Report: MFM ZOOM Webinar #8 with Royal Hartigan

MFM Presents: “Music Is Essential” ZOOM Webinar #8 with Royal Hartigan Speaking about “The Inner Pulse of West African Rhythms”

“This music helps us to get through the insanity of this life with a heart.” – royal hartigan

By Dawoud Kringle

On Tuesday, January 25th, 2022, MFM presented its 8th Music Is Essential Webinar. This episode, “The Inner Pulse of West African Rhythms,” featured Royal Hartigan. He gave a background and demonstration how the sounds of West African traditional music can be adapted for drumset, ensembles, and composition.

Royal Hartigan is a percussionist, pianist, tap dancer, educator, activist, and author. For more than three decades he has studied, lived, and performed the music of Asia, Africa, Europe, West Asia, and the Americas as well as African American blues, gospel, funk, hip-hop, and jazz traditions. He has made a life focus on the sounds and meaning from world cultures, bringing new concepts to drum set and jazz ensemble interaction, including original and Indian time cycles, West African rhythms and structures, music from the traditional gong cultures of the Philippines, China, Korea, and Java, which he has adapted to drum set in coordinated independence, layers of time, timbrel shading, and tonal motion. He has worked with master artists and musicians, dancers, visual artists, poets, social activists, and others to bring people together in celebration of our common humanity across cultures and national boundaries, through the medium of creative music in the African American tradition.

In 1991 he created his ensemble, Blood Drum Spirit, that uniquely adapts world music cultures and exploratory jazz.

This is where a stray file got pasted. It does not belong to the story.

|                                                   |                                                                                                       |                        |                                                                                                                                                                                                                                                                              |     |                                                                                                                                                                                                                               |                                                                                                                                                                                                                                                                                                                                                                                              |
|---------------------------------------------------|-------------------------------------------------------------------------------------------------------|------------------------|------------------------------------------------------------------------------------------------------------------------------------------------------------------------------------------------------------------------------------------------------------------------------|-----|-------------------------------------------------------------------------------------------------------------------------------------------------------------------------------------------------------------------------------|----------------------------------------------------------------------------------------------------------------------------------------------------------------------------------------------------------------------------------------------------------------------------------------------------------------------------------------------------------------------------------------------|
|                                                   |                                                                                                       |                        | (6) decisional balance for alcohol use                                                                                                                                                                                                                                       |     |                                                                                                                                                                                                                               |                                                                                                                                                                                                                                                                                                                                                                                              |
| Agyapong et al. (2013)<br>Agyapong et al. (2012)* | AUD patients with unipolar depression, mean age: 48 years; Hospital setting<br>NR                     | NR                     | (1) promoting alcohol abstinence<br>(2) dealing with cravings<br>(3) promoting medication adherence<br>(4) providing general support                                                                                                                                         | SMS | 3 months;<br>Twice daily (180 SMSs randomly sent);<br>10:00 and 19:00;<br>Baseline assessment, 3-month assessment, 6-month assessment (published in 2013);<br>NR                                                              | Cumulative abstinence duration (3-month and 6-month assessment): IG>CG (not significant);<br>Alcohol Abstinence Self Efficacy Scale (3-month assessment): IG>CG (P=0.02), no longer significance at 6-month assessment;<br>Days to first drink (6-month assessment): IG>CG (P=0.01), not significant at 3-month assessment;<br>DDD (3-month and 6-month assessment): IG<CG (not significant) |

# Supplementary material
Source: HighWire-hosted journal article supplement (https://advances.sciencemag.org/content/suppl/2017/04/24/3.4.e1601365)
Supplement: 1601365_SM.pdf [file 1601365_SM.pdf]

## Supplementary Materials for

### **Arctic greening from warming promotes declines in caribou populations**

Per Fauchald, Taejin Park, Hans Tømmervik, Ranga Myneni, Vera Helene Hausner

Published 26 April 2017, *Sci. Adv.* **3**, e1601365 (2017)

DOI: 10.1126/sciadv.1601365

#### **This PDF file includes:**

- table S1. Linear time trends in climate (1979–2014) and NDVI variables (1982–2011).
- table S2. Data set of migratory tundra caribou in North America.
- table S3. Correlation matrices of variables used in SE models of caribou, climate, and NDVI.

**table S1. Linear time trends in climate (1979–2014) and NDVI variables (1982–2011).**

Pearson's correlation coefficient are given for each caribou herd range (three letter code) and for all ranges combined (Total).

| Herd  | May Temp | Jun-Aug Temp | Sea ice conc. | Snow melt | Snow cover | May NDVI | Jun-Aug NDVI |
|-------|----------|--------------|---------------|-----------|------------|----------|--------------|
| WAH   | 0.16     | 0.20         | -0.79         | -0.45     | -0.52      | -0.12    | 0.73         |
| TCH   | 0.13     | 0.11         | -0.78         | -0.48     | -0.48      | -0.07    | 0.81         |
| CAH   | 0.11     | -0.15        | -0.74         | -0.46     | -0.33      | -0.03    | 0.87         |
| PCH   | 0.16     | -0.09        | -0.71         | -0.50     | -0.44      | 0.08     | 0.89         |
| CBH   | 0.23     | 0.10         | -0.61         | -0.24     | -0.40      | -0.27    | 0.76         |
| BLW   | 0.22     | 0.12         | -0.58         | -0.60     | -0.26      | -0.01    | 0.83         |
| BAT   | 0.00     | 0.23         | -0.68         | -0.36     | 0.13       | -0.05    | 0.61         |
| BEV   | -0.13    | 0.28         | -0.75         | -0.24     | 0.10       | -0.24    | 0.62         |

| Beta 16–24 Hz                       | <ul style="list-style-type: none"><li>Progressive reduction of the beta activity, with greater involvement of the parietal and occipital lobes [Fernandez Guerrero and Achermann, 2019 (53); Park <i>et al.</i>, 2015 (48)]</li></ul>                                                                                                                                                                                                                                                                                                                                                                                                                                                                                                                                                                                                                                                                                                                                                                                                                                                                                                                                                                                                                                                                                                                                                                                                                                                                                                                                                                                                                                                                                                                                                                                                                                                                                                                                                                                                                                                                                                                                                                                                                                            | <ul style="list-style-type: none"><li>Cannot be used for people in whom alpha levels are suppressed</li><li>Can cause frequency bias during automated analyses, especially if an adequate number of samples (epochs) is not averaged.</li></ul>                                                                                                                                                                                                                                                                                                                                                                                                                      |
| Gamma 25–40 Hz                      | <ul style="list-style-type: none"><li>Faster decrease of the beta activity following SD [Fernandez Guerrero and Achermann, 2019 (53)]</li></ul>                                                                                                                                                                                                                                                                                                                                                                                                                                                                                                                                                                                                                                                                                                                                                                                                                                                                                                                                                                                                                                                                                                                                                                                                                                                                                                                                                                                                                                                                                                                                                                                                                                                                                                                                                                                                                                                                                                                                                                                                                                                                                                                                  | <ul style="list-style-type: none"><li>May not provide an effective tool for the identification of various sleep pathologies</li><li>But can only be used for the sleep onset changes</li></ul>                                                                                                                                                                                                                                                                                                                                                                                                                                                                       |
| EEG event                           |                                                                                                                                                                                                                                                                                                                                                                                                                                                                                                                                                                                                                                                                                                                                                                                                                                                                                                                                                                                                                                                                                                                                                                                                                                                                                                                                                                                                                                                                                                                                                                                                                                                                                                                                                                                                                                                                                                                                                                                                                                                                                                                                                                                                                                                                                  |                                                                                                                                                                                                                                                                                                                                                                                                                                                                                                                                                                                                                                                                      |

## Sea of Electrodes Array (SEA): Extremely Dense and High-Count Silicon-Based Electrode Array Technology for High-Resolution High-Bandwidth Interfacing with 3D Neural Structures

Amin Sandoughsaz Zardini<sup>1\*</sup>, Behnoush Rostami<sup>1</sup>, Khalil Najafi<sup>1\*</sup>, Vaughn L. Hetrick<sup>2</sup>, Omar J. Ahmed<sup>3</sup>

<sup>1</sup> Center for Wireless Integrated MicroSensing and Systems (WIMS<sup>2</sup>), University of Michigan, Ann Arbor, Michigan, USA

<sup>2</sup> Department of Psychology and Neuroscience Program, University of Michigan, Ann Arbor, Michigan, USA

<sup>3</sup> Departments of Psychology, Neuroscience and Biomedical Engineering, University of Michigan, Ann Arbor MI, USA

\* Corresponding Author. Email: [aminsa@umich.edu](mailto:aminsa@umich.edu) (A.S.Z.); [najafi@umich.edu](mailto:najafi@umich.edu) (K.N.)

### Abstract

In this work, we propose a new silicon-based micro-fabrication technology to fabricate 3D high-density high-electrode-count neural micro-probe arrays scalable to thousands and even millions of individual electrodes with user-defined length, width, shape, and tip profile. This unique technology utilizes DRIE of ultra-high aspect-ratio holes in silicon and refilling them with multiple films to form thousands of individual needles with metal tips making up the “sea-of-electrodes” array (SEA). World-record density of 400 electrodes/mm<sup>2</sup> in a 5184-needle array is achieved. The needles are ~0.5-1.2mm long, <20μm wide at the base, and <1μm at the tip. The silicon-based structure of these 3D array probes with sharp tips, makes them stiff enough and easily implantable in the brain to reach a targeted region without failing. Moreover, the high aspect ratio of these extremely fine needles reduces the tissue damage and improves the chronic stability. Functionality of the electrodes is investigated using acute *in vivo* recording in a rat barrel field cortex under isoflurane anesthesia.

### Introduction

He became a member of MFM in November 2021.

The meeting was hosted by Adam Reifsteck.

After Reifsteck’s introduction, Hartigan made an opening statement that was quite bold and decisive. He said that it’s obvious he is not of the cultures whose music he studied. He made it clear that while he lived in the culture, he didn’t feel he had the right to just go out and play the music of ancient African civilizations. He only plays and teaches their music with their permission, and gives thanks to his teachers. In other words, he holds the music of these cultures in reverence, and shows the respect it deserves. This set the tone of the rest of the webinar, and spoke well of Hartigan’s character.

Hartigan began the lesson by saying that the sounds of the percussion is not just a sound. It is intended to express meaning. One of these is linguistic; drum tones are used as a means of communication.

Through the webinar, Hartigan demonstrated an impressive variety of rhythmic patterns, using different percussion instruments, that expressed the spirits and meanings of different African and Asian cultures.

At one point, Hartigan was demonstrating a pattern that communicates honoring the recently deceased. When he finished, he asked if the music he played reminded the participants of anything. Dave Liebman said “Elvin Jones.” Sohrab Saadat Ladjevardi added that he heard some elements of Persian music in it, pointing out the universal nature of what was being played. This started a brief discussion between all the participants.

At this point, Hartigan moved to another room in his house, where he demonstrated how the rhythms he’d demonstrated earlier can be adapted to the drum set. It’s clear that these ideas can be translated from instrument to instrument, and even across cultural barriers.

Hartigan invited the participants to contact him if they wish to learn more about this music.

This was followed by an open discussion between all the participants. Ladjevardi and the others brought a great deal of interesting comments and information to the discussion.

The details of the music Hartigan demonstrated are far too extensive, nuanced, and sublime to be explained in this article. Suffice it to say that his knowledge of the music, the instruments, and the history and cultures are clearly that of a master and scholar. And Hartigan’s presentation was always informative, well explained, engaging and fascinating. He also said that “This music helps us to get through the insanity of this life with a heart.” Clearly, Hartigan is engaged in a labor of love.